THAT REMINDS ME WITH MARILYN HAGERTY: UND nickname raises concerns -- in 1986

The debate over UND's Sioux logo and Sioux nickname is being put to rest in 2011. In order to comply with NCAA guidelines, the name is being dropped.

The debate over UND's Sioux logo and Sioux nickname is being put to rest in 2011. In order to comply with NCAA guidelines, the name is being dropped.

The debate over a name change went on for decades. Twenty-five years ago, Virgil Foss wrote in the Herald sports pages:

"The widening use of the caricature of the Sioux Indian logo -- and even the use of it at all -- has raised concern again at UND."

Leigh Jeanotte, chairman of the Cultural Awareness Action committee at UND, said the logo used by the Sioux hockey team on their uniforms was offensive to some American Indians.

He said the emblem worn by the Sioux hockey team was not the official emblem of UND. That emblem -- used in school brochures and press releases -- was the geometric design created by University Relations and used in press releases in the late 1970s at the request of Carl Miller, who was then athletic director. It was created after concerns arose over the use of the Sioux logo; and since then, one of the caricatures had become more commonly used.


The CAA committee met with representatives of the athletic committee and book store to say the caricature was offensive to some Indians.

The committee wanted to get an idea of logo acceptance and submit suggestions to UND President Tom Clifford. UND Athletic Director Gino Gasparini said using the logo was not meant to be offensive. "It reflects a great deal of tradition and pride. It's worn with pride and distinction around the country."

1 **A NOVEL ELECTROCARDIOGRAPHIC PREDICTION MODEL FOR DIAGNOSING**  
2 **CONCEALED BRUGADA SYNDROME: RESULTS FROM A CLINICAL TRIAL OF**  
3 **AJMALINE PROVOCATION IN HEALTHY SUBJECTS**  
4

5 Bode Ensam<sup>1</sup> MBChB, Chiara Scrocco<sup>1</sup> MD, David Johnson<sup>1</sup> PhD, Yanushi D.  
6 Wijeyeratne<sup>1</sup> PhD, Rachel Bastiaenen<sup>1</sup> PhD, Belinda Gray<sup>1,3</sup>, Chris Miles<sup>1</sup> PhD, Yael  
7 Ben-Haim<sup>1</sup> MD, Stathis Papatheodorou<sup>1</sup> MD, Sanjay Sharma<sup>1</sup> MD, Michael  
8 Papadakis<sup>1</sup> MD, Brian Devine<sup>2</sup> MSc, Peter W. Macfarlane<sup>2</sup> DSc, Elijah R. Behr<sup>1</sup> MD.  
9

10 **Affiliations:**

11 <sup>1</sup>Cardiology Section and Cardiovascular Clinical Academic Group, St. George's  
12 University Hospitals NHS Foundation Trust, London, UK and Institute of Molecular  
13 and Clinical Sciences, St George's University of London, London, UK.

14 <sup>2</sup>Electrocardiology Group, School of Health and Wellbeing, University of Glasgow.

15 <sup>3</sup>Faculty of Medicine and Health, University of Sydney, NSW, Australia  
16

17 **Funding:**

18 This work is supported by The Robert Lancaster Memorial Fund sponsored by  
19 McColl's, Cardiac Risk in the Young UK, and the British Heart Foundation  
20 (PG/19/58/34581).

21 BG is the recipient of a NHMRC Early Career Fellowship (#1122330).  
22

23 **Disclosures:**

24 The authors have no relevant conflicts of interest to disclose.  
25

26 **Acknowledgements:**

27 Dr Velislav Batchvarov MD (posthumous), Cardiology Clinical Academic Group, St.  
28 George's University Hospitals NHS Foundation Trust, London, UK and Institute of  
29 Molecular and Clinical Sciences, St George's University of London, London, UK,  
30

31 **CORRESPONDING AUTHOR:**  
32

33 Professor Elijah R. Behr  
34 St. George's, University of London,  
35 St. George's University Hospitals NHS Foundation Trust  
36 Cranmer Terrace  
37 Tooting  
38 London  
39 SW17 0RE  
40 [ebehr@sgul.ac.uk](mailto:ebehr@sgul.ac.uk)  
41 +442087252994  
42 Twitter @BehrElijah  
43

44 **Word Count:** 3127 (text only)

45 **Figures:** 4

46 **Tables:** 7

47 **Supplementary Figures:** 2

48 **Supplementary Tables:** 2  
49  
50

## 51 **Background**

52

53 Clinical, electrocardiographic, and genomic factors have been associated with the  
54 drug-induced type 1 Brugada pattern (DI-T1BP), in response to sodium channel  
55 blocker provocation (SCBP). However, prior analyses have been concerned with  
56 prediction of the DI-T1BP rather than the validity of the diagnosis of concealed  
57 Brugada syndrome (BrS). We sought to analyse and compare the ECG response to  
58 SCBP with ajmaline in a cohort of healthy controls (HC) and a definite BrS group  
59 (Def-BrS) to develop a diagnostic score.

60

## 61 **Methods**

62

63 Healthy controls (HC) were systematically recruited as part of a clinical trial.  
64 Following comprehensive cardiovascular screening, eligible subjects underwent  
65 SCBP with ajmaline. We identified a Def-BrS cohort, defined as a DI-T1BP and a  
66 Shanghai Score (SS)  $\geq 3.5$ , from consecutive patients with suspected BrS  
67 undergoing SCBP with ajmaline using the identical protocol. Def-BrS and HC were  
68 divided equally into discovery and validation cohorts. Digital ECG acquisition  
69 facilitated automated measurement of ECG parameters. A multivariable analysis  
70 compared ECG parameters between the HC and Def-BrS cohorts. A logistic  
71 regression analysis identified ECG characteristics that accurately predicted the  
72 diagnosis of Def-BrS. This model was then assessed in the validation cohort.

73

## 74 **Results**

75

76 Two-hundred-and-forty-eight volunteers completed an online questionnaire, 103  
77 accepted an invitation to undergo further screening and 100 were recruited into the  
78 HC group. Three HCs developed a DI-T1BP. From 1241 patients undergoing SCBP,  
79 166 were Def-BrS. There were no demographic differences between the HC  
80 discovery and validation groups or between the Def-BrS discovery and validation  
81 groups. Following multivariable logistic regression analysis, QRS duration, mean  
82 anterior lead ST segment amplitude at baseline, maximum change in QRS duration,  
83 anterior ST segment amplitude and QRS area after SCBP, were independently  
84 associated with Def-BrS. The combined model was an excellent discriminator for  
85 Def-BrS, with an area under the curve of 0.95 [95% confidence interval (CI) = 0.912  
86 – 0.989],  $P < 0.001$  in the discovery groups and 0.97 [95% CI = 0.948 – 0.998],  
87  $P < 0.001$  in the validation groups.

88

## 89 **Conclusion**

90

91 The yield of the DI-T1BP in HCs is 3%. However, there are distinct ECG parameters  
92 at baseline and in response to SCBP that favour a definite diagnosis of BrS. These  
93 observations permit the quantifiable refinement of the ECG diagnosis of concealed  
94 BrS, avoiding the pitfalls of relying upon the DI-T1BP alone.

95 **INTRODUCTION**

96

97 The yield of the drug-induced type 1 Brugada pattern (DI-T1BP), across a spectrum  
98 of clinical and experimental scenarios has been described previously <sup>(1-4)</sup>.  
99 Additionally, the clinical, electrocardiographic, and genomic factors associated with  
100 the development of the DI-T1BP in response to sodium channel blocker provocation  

Jeanotte said at the time he would abide by Clifford's decision.

A Herald editorial said UND should be sensitive to the latest concerns that the caricature takes the place of the official UND logo. If the university determined the picture detracts from American Indian pride in UND, then it should be changed to a new design.

In addition to the column and editorial, there was a story with the headlines, "Not all UND students object to Sioux logo."

MaDonna Parisien, Turtle Mountain Indian Reservation, said she did not see it as offensive. "To me, it looks like a little renegade. I wonder if they want to represent the hockey team that way. I don't feel strongly about it myself."

T.J. McLaughlin of the Standing Rock Indian Reservation said, "There are so many things in this world that this is insignificant to what Indians have to go through. There are so many issues more important to Indians than the logo."

And Babette Walker of Bismarck said, "It is kind of offensive. I didn't know they were using it. I don't know why they would use that just for hockey. I think they should use the geometric design all the time."


- Also in December 1986, area residents had their last chance to see long-range B52 bombers in flight.

The last plane left Grand Forks Air Force Base on Dec. 4. The plan was to make one last pass over the air base, then follow U.S. Highway 2 into Grand Forks and make one or two passes over the city at an altitude of 1,000-1,500 feet.

Piloting the B52 was Colonel John Jaeckle, commander of the 319th Bombardment Wing. A farewell party was planned at the air base with Dick King's Classic Swing Band providing the music.

- Andrew Hampsten was back in Grand Forks for the first time since he won the Tour de Switzerland and came in fourth in Tour de France, the sport's most prestigious event.

Hampsten was living in Boulder, Colo., at the time and training by cross-country skiing, hiking, lifting weights and bike riding.

Hampsten, then 24, was reticent and a private person. He did speak to the Red River Valley Cycling Club.

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